Newborn babies are sensitive creatures, their moms, even more!

Visiting a mother with a newborn baby, no matter how closely attached or emotionally tied to the mother you may be, it requires great levels of sensitivity, planning and respecting certain rules.

It is not a good time to pass by without an invitation, apologize for your child’s coughing or maybe ask for a cup of coffee. If you want to keep your friendship or family relationship – and be invited again – follow the following “rules”.

Oh, also, if you are a new mom and you are worried because your loved ones can sometimes cross the “limits”, send them these rules today!

So, to the rules!

Schedule your visit in advance and don’t push it if the mother isn’t ready to welcome you!

Every new mom is different, but most of them can handle one visitor at a time. Not a whole bunch.
Respect the time that she can accept visitors, whenever that may be, and before that ask her again if she’s ready for the visit. If not, it’s ok, you can go a few days or even weeks later.

Adjust to the mother’s time schedule and be on time.

Maternity can be exhausting.
It comes with sleep deprivation and of course, no leisure time at all.
If you have been given the green light to visit the newborn at a certain time of the day, it is important to keep in mind that this exact time was probably chosen very carefully to suit mother’s and baby’s schedule.
So, be precise!
Not earlier, not later on the appointment!

Do not stay too long!

Some mothers inform visitors in advance that this is going to be just a short visit. Some others don’t.
Even if you are not given a specific time frame, you should plan to keep your visit brief and your presence discreet.
An hour is probably fine for most occasions, unless, of course, the mom asks you to stay longer. If that’s the case, you should also think that maybe she insists on courtesy…

Bring some food with you!

As a new mother, it’s almost impossible to shop, cook or even sometimes… eat!
So bring some food with you – a homemade meal is nice but a bag full of sandwiches would do the job just fine!

Wash your hands and ask before taking the baby in your arms!

No matter how irresistible the baby may be or how recently you may have washed your hands before your visit, just wash them again you arrive.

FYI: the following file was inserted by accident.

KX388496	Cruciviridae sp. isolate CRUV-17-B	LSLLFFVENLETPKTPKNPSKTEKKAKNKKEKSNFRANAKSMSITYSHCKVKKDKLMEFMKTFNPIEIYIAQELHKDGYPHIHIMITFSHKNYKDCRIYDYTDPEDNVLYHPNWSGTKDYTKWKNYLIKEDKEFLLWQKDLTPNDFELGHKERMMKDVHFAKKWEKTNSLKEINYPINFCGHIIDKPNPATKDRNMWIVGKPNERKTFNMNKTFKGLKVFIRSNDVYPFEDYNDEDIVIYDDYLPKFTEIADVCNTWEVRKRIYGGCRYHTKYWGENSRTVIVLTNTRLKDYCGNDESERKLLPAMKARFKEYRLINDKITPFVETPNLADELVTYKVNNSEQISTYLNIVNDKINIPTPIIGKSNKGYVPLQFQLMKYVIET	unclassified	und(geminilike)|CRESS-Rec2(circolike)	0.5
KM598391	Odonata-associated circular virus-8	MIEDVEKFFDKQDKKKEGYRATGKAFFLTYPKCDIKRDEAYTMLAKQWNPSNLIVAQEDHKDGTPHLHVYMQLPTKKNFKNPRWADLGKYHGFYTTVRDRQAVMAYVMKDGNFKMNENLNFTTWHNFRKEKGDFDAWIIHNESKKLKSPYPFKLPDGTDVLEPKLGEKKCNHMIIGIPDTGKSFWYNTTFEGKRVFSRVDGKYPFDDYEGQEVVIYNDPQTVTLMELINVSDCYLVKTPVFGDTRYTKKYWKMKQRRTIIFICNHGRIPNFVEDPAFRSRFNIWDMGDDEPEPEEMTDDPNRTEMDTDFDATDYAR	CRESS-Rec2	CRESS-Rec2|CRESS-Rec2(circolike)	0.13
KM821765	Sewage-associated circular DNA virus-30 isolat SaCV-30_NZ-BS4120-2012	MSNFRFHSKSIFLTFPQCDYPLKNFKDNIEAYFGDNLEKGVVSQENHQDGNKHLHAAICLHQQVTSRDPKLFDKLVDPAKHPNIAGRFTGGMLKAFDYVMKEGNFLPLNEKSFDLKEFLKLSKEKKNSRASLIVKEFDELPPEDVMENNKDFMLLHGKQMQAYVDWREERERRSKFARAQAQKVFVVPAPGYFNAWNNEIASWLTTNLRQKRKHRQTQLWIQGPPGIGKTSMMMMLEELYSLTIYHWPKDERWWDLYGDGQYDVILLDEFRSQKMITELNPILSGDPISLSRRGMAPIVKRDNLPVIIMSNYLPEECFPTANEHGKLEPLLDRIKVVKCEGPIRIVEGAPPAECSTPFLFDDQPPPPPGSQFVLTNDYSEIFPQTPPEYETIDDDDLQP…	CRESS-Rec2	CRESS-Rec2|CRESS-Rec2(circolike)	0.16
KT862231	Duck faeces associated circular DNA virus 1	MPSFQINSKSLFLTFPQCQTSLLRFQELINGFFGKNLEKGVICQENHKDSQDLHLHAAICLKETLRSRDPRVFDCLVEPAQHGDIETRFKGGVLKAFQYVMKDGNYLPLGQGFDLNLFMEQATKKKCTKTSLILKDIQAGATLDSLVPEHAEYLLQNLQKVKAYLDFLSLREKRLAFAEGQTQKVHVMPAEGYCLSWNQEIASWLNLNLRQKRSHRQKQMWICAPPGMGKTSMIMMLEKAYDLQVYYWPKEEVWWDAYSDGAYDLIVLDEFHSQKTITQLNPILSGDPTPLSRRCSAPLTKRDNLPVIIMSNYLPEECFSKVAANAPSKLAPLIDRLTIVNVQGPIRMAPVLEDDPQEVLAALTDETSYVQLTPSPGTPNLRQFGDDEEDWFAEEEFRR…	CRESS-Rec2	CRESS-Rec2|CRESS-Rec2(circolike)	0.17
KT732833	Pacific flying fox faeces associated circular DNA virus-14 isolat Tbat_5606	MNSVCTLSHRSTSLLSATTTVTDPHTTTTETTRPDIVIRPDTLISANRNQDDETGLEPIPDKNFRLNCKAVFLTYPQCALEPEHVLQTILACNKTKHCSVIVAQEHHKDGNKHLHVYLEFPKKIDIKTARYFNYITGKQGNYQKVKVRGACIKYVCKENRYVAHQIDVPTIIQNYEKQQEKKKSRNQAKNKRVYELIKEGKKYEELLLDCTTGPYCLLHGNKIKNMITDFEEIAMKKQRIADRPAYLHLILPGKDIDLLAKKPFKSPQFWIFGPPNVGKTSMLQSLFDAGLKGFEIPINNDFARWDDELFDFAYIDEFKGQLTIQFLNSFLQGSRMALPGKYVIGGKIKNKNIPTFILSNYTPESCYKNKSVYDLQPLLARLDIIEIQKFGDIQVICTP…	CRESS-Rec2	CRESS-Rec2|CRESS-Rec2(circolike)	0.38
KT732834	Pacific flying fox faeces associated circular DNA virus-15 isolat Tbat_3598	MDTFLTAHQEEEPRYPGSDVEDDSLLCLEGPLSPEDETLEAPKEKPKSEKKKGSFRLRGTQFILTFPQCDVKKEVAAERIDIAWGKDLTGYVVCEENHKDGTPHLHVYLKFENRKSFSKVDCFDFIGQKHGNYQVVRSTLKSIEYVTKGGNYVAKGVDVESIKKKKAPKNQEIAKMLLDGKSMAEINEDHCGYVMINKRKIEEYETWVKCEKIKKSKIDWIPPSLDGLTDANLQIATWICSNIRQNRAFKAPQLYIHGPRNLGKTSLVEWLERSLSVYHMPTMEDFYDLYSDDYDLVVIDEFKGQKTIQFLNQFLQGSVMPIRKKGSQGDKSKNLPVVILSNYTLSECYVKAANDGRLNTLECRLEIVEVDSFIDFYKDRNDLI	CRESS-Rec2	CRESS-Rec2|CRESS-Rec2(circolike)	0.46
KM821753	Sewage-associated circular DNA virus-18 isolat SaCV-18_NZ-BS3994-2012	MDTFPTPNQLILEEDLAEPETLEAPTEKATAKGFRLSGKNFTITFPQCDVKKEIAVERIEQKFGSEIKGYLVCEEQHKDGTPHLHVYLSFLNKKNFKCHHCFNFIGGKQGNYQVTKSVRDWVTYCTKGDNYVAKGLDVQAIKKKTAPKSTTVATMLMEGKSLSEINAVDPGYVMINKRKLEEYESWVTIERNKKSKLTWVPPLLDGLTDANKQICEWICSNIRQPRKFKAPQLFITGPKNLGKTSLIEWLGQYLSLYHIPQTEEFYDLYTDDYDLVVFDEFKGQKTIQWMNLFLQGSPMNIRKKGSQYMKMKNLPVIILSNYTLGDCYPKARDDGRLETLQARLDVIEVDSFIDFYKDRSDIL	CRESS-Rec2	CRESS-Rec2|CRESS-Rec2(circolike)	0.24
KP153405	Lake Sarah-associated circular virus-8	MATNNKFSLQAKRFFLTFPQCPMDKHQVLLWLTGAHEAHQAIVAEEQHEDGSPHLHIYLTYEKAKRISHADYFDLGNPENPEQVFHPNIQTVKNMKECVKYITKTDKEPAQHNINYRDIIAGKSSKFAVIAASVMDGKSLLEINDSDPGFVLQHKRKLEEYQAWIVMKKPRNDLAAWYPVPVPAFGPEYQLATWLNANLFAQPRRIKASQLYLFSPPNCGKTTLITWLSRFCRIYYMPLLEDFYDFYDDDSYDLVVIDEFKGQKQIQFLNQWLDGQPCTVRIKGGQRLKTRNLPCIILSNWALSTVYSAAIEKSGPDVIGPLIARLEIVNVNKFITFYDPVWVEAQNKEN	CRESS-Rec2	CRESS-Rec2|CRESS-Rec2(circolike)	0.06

Also, bear in mind that the baby literally lived in mother’s body a few days ago. So, probably it does not fancy caresses from non familiar faces.
Ask if you can hold the baby.
If the mother seems anxious and feels she wants to take the baby back in her arms, comply right away.

Offer yourself to hold the baby so that the mother can have a short shower or do anything else she might needs.

If you are closely attached to the mother and she feels comfortable leaving you unattended with the baby, hold it for awhile. A quick shower or a nap, while you are watching the baby, can mean so much for a new mom. But if she refuses, do not push her.

If the mother offers you something to drink or eat, just say NO!

You are there to help and show your interest in the mother and the baby, not to eat or drink!
If you are really thirsty, just get up and get some water on your own.

Do not bring your children with you, unless the mother has asked for it in advance.

You will probably enjoy your visit even much more if you do not bring your children with you. You can focus 100% on the mother and the newborn baby.
Even if the mother has asked you to bring your kids together, you can do it only if they are in good health. If your daughter woke up with fever this morning, don’t even think about it.
Also, remember that while you may be completely comfortable with your 6-year-old son, the mother you are visiting may not. Make sure your children know and respect the limits as well!

She doesn’t want more advises!

If the mother asks questions about breastfeeding, sleep scheduling or postpartum recovery, of course, you should answer with your own experiences and tips, but if not, keep those tips for yourself.
Most of the time, the personal experiences of other mothers, especially the older generations, are confusing and contradict the modern facts.

You do not really want to make her worry even more. Let the mother follow the advice of her doctor and pediatrician.


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